Poor countries are guinea pigs for pharmaceutical tests
John Le Carré’s bestselling novel The Constant Gardener showed how pharmaceutical companies test new medicines in Africa, even when troubling questions exist about their safety and reliability. Unfortunately, this practise is not limited to fiction. Recently, a report leaked from the Nigerian government denouncing the Pfizer drug company for testing an experimental new meningitis medication during an epidemic without permission from either the government or the test subjects, as The Washington Post reported in May. Meanwhile, Doctors Without Borders was giving out approved antibiotics at the local hospital.
Alongside Africa, India and Eastern Europe are also used as testing grounds for new medicines because costs are so much lower there than in the West and the rules regarding patient consent are so much more lenient.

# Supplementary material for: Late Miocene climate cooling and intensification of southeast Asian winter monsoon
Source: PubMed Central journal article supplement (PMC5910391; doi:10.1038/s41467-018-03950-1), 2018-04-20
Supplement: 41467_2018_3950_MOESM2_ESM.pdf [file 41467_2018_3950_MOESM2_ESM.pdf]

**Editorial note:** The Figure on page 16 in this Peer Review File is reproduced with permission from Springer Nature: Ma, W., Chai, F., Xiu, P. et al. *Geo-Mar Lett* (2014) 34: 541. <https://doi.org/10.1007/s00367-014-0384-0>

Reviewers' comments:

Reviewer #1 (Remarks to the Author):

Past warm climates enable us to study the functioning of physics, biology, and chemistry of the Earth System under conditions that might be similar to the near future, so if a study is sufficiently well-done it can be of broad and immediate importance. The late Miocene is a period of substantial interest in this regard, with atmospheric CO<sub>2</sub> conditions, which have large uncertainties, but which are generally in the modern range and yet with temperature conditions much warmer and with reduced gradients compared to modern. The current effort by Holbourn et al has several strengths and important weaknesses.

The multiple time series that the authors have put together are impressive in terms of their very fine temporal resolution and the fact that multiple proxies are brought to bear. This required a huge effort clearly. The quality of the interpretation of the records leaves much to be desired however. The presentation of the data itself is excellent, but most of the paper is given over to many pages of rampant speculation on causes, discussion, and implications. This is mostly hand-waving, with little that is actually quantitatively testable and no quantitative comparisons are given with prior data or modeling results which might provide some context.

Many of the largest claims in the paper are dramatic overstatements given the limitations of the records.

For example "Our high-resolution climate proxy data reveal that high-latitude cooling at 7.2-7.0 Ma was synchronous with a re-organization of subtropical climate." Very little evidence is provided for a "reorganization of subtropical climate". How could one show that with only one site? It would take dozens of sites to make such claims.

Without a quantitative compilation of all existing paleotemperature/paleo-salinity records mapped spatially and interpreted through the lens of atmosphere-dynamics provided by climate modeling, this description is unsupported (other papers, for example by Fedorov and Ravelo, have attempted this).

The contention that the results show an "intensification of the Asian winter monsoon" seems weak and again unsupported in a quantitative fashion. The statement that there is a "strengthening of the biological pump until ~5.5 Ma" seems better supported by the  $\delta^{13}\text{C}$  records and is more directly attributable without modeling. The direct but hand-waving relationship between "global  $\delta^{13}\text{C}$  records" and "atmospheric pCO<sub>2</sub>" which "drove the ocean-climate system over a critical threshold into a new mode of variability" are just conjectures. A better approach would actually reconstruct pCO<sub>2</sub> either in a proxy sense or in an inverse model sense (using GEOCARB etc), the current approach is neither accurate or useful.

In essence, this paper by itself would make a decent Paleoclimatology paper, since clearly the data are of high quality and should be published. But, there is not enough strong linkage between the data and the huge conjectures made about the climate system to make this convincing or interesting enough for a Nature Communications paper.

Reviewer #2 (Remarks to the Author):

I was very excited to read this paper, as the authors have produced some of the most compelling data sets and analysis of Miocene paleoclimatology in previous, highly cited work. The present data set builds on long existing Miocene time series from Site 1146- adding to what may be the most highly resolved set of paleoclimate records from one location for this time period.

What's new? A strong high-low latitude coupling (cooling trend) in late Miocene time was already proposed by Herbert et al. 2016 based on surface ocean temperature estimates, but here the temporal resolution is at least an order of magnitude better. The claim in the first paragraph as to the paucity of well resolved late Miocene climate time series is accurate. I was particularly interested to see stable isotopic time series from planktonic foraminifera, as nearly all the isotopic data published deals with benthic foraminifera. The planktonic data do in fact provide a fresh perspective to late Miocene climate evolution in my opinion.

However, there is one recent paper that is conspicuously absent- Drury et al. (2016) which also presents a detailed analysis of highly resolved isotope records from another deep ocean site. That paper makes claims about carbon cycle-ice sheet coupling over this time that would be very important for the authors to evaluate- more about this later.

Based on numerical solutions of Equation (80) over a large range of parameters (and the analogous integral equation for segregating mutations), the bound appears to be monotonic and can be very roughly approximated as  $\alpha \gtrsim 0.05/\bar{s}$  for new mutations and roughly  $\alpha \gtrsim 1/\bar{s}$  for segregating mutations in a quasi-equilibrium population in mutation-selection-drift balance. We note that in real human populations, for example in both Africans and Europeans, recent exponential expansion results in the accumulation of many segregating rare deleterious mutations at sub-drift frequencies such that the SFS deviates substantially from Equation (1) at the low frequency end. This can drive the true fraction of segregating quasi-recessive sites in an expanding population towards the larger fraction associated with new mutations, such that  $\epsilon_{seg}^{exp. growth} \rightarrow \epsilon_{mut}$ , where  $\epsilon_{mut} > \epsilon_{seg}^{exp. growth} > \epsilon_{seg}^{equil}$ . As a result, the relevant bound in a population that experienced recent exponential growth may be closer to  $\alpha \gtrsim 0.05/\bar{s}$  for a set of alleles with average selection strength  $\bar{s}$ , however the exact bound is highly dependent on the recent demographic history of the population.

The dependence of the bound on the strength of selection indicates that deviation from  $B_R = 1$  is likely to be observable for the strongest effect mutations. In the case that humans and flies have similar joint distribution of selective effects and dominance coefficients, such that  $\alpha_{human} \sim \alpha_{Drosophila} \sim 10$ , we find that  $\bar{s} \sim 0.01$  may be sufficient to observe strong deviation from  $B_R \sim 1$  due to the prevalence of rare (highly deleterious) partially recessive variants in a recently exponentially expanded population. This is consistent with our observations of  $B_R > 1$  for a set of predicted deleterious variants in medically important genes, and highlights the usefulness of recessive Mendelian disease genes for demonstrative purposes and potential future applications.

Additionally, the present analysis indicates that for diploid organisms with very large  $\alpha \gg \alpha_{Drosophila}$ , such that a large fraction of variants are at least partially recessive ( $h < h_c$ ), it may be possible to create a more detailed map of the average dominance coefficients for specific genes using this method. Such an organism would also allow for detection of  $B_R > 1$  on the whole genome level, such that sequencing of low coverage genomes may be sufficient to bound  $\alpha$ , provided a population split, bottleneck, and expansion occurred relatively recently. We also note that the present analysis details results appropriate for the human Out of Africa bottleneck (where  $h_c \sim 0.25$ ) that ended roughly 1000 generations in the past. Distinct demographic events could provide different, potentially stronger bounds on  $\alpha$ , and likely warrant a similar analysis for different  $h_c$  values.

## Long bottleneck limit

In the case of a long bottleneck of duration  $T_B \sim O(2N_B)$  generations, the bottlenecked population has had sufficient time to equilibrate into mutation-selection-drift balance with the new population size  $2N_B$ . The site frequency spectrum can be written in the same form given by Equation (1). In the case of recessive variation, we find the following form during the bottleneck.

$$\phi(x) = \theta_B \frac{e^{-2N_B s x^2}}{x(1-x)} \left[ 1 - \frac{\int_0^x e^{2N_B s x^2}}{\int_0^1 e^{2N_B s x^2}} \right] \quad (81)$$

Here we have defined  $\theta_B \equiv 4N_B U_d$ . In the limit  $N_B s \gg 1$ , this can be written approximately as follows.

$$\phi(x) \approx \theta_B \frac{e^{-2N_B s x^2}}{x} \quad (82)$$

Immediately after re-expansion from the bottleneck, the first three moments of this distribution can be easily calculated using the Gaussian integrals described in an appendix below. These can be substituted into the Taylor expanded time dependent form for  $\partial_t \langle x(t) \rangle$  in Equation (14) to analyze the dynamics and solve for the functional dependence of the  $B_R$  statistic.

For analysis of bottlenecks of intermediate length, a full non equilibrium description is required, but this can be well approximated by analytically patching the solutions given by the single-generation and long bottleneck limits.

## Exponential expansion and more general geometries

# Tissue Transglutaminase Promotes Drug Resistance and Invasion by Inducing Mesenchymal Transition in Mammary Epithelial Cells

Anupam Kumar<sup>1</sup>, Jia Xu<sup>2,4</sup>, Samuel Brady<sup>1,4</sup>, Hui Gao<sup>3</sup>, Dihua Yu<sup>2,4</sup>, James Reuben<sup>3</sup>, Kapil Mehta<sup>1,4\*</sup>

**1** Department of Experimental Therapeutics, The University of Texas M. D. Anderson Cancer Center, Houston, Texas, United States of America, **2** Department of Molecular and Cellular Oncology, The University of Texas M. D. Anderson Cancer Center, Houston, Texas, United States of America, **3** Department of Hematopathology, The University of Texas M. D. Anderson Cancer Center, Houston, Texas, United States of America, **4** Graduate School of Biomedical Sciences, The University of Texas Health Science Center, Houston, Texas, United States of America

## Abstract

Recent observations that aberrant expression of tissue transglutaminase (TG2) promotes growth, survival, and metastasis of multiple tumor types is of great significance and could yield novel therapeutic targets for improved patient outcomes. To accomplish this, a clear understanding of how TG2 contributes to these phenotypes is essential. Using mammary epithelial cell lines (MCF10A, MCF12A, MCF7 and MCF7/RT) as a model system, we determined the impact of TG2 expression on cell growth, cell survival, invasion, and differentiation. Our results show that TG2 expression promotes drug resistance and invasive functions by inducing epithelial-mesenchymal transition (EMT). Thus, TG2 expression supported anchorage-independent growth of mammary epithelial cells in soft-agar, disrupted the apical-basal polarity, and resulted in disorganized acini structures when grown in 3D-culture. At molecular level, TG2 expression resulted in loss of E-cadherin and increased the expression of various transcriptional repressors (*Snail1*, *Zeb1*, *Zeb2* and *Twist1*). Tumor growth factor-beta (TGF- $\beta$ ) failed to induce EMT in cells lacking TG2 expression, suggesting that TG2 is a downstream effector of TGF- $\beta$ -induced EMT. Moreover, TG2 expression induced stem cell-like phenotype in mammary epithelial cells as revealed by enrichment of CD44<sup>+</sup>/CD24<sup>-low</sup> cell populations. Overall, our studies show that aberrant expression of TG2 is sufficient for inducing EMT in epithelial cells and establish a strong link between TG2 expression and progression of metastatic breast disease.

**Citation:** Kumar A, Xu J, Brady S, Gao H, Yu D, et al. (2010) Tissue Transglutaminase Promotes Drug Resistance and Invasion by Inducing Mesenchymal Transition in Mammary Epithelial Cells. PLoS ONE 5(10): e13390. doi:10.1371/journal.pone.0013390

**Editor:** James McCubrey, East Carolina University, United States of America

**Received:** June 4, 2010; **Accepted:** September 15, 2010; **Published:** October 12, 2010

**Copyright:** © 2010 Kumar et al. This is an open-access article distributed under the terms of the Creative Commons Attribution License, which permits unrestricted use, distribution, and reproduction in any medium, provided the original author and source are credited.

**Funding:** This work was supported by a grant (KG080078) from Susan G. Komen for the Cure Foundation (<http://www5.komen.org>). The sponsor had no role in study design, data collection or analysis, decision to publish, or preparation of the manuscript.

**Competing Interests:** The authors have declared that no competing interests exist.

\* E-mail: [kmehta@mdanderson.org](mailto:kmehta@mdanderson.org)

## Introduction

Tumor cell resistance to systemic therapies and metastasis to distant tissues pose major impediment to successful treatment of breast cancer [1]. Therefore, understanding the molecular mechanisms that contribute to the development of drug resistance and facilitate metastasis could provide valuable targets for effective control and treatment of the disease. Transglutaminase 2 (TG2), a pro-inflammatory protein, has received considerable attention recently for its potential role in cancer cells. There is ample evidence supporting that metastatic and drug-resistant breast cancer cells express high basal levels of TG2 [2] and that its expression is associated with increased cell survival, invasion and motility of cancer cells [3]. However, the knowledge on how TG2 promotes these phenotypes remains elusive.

Mo (July 2006), the Belgian magazine about globalization, travelled to Indian hospitals and witnessed how patients are lured by simple posters. “Are you overweight? Come to Room 1 for a free consultation!” Those reporting to Room 1 are told they can participate in a research project for free that would normally cost at least 1,000 rupees. Who wouldn’t want to participate? According to Vasantha Muthuswamy, Senior Deputy Director-General of the Indian Council for Medical Research in Delhi, most patients don’t even know they’re enrolled in an experiment. “The doctors say they wouldn’t understand anyway.” According to Muthuswamy, the government has no say about these practises, particularly those carried out in private hospitals. Yet the medicines may be harmful.
One final irony: Many of the medicines tested in India, Africa and Eastern Europe will never become available there. They are too expensive.